• Fallback processing (especially scenarios like magnetic stripe read while pulling out the card).
  • Terminal logic for application selection specifically for debit preferred merchants.

Fleet cards: Fleet cards can be used for fuel only or fuel and other products. The terminals need to have the processing and logic as well to process fleet cards. In addition to reading and managing fleet card specifics, there may be additional prompts o the terminal and the specific information sent in the authorization messages.

  • Accepting Fleet specific AIDs
  • Logic for reading Typical Fleet card information encoded on chip.
  • Prompts: Odometer reading, Driver number, Vehicle number.
  • Acceptance of Card Type: Driver card or Vehicle card.
  • Usage restrictions: Countries where allowed, Days of week, Hours of day, Maximum fill volume.
  • Read Fleet card data, Manage Fleet card restrictions, make appropriate cardholder prompts, populate fleet information in authorization request.
  • Authorization request message to include: Fleet TVR (FTVR), Driver ID, Name, Fleet number, Mileage, Vehicle registration number, Fuel filled, Price per Gallon.

Testing Strategy and Planning

Test planning is one of the critical aspects in EMV implementation. With AFDs, every merchant can have their own flavor of the solution and their needs to build a comprehensive test strategy to ensure full coverage of the functionalities.

  • Lack of AFD industry specific test cases and scenarios represents a significant challenge.
  • End to end testing strategy requires in-depth analysis of the scenarios to be chosen for a particular AFD customer implementation. These may also be driven by the business requirements. The testing scope is typically wider than the brand test scenarios. This includes but is not limited to EMV functionality like offline data authentication, Offline and Online PIN processing, Fallback processing, Pre-authorization and completion, Chip reversals, Issuer script processing, etc.
  • An outdoor AFD terminal functions on the basis of pre-authorization and completion/capture, for which specific test scenarios need to be selected and modified.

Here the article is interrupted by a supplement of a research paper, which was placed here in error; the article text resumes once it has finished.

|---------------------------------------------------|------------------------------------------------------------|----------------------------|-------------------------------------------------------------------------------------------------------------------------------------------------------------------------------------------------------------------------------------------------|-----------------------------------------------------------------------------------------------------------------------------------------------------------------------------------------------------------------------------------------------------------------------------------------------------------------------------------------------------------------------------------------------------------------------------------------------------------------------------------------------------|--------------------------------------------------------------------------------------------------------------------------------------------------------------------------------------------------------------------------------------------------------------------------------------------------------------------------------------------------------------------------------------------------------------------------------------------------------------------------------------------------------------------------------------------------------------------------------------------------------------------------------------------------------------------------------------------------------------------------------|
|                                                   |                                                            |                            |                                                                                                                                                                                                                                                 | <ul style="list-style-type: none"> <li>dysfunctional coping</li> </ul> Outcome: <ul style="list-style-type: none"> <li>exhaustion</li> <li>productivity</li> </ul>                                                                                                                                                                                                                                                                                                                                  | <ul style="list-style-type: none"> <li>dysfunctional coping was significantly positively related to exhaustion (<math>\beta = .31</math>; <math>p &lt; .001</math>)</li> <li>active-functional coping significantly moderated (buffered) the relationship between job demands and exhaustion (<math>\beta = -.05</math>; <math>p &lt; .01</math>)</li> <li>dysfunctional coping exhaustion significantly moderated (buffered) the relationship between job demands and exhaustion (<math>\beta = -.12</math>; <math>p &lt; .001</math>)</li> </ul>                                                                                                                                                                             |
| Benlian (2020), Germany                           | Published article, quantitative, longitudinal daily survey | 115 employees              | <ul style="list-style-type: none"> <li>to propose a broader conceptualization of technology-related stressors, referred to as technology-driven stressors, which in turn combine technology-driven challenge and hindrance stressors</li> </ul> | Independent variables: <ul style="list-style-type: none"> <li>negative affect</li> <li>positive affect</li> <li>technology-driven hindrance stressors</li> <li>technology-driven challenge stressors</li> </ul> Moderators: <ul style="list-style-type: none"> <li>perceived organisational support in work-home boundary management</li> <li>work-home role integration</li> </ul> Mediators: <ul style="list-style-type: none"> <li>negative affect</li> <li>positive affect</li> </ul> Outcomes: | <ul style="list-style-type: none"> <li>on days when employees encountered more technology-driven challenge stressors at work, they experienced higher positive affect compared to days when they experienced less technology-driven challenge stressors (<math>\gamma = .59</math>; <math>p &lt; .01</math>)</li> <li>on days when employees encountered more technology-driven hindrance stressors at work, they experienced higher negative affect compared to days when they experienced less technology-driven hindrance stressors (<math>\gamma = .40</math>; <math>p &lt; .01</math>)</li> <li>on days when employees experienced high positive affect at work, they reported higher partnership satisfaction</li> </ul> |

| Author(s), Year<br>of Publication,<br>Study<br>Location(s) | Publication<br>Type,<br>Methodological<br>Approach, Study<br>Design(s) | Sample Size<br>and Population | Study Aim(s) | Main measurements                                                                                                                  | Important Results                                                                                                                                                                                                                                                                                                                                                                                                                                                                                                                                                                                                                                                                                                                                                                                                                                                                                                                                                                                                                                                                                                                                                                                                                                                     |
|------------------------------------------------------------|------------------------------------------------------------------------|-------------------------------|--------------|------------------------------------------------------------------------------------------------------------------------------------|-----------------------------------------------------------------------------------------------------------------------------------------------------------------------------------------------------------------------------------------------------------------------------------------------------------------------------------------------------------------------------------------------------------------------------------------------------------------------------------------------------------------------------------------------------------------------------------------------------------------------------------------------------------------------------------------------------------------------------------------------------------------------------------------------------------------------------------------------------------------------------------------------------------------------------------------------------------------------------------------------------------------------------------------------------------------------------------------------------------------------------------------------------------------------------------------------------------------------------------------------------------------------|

• The functional test plan must also cover the additional client specific requirements like Store and Forward, performance/stress testing, batch capture/batch close, clearing and settlement and reports since these areas are not covered in the brand test plans.
  • Additional implementation scope such as point encryption (P2PE), tokenization and mobile/NFC based solutions will increase the functional testing that needs to be done.

Performance Benchmarking and Optimization

As the merchants upgrade their point of sale systems to EMV they must also look at the performance of the payment system. This may have significant impact on customer experience and throughput and adversely impact their existing low-margin business. In order to ensure that the point of sale system is efficient and at par with the industry, benchmarking and optimization services can be adopted.

Test Automation at AFD

A very common ask from the merchants is about the methods or tools that can be implemented in order to automate various elements of the point of sale system. A wide variety of test automation tools (refer to below diagram) can be used to simulate each component of the point of sale environment.

 

A recent study uncovered that Visa’s EMV-enabled merchants resulted in a 43% decline in counterfeit fraud. It is therefore likely that this would reduce the fraud at gas stations as well, which currently incurs about $250 billion in fraud annually, according to Bloomberg. This will lead to potential cost savings for station operators as well as players in the payments space.

Thus, even though the upgrade to EMV requires substantial investment, companies should focus on a head start given the complexity of implementation.

Disclaimer

These are the personal opinions of UL’s employees and its guests and should not be misunderstood as representing the opinion of UL's clients, suppliers or other relations.